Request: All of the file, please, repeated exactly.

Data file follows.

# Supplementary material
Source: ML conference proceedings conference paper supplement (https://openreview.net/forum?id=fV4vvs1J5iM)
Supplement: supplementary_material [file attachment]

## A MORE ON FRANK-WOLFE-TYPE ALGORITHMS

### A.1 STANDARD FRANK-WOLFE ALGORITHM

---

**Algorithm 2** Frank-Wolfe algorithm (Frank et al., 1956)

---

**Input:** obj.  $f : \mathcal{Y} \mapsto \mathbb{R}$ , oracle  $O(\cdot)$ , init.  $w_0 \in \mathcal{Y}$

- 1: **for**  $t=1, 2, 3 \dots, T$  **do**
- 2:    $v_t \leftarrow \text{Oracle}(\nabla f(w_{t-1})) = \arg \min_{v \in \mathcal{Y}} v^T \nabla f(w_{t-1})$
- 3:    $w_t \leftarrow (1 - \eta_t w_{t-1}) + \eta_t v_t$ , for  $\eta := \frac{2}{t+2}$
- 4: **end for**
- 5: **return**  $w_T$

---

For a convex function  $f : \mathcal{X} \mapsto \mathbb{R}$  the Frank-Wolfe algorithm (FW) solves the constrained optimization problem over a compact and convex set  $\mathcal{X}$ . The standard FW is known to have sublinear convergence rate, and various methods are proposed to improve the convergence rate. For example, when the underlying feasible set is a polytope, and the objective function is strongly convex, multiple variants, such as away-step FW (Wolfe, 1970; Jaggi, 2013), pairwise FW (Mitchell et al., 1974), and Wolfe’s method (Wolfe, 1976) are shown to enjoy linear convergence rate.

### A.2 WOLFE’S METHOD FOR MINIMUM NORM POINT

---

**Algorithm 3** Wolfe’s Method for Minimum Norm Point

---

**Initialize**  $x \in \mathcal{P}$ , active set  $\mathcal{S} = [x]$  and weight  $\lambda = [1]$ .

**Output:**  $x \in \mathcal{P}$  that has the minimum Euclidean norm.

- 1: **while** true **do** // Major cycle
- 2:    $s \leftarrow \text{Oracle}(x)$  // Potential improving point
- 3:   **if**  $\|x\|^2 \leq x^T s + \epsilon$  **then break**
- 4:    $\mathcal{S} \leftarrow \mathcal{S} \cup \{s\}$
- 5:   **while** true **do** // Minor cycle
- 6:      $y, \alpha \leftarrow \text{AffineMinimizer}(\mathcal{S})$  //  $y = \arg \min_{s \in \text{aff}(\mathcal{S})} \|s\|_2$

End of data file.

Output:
# Supplementary material
Source: ML conference proceedings conference paper supplement (https://openreview.net/forum?id=fV4vvs1J5iM)
Supplement: supplementary_material [file attachment]

## A MORE ON FRANK-WOLFE-TYPE ALGORITHMS

### A.1 STANDARD FRANK-WOLFE ALGORITHM

---

**Algorithm 2** Frank-Wolfe algorithm (Frank et al., 1956)

---

**Input:** obj.  $f : \mathcal{Y} \mapsto \mathbb{R}$ , oracle  $O(\cdot)$ , init.  $w_0 \in \mathcal{Y}$

- 1: **for**  $t=1, 2, 3 \dots, T$  **do**
- 2:    $v_t \leftarrow \text{Oracle}(\nabla f(w_{t-1})) = \arg \min_{v \in \mathcal{Y}} v^T \nabla f(w_{t-1})$
- 3:    $w_t \leftarrow (1 - \eta_t w_{t-1}) + \eta_t v_t$ , for  $\eta := \frac{2}{t+2}$
- 4: **end for**
- 5: **return**  $w_T$

---

For a convex function  $f : \mathcal{X} \mapsto \mathbb{R}$  the Frank-Wolfe algorithm (FW) solves the constrained optimization problem over a compact and convex set  $\mathcal{X}$ . The standard FW is known to have sublinear convergence rate, and various methods are proposed to improve the convergence rate. For example, when the underlying feasible set is a polytope, and the objective function is strongly convex, multiple variants, such as away-step FW (Wolfe, 1970; Jaggi, 2013), pairwise FW (Mitchell et al., 1974), and Wolfe’s method (Wolfe, 1976) are shown to enjoy linear convergence rate.

### A.2 WOLFE’S METHOD FOR MINIMUM NORM POINT

---

**Algorithm 3** Wolfe’s Method for Minimum Norm Point

---

**Initialize**  $x \in \mathcal{P}$ , active set  $\mathcal{S} = [x]$  and weight  $\lambda = [1]$ .

**Output:**  $x \in \mathcal{P}$  that has the minimum Euclidean norm.

- 1: **while** true **do** // Major cycle
- 2:    $s \leftarrow \text{Oracle}(x)$  // Potential improving point
- 3:   **if**  $\|x\|^2 \leq x^T s + \epsilon$  **then break**
- 4:    $\mathcal{S} \leftarrow \mathcal{S} \cup \{s\}$
- 5:   **while** true **do** // Minor cycle
- 6:      $y, \alpha \leftarrow \text{AffineMinimizer}(\mathcal{S})$  //  $y = \arg \min_{s \in \text{aff}(\mathcal{S})} \|s\|_2$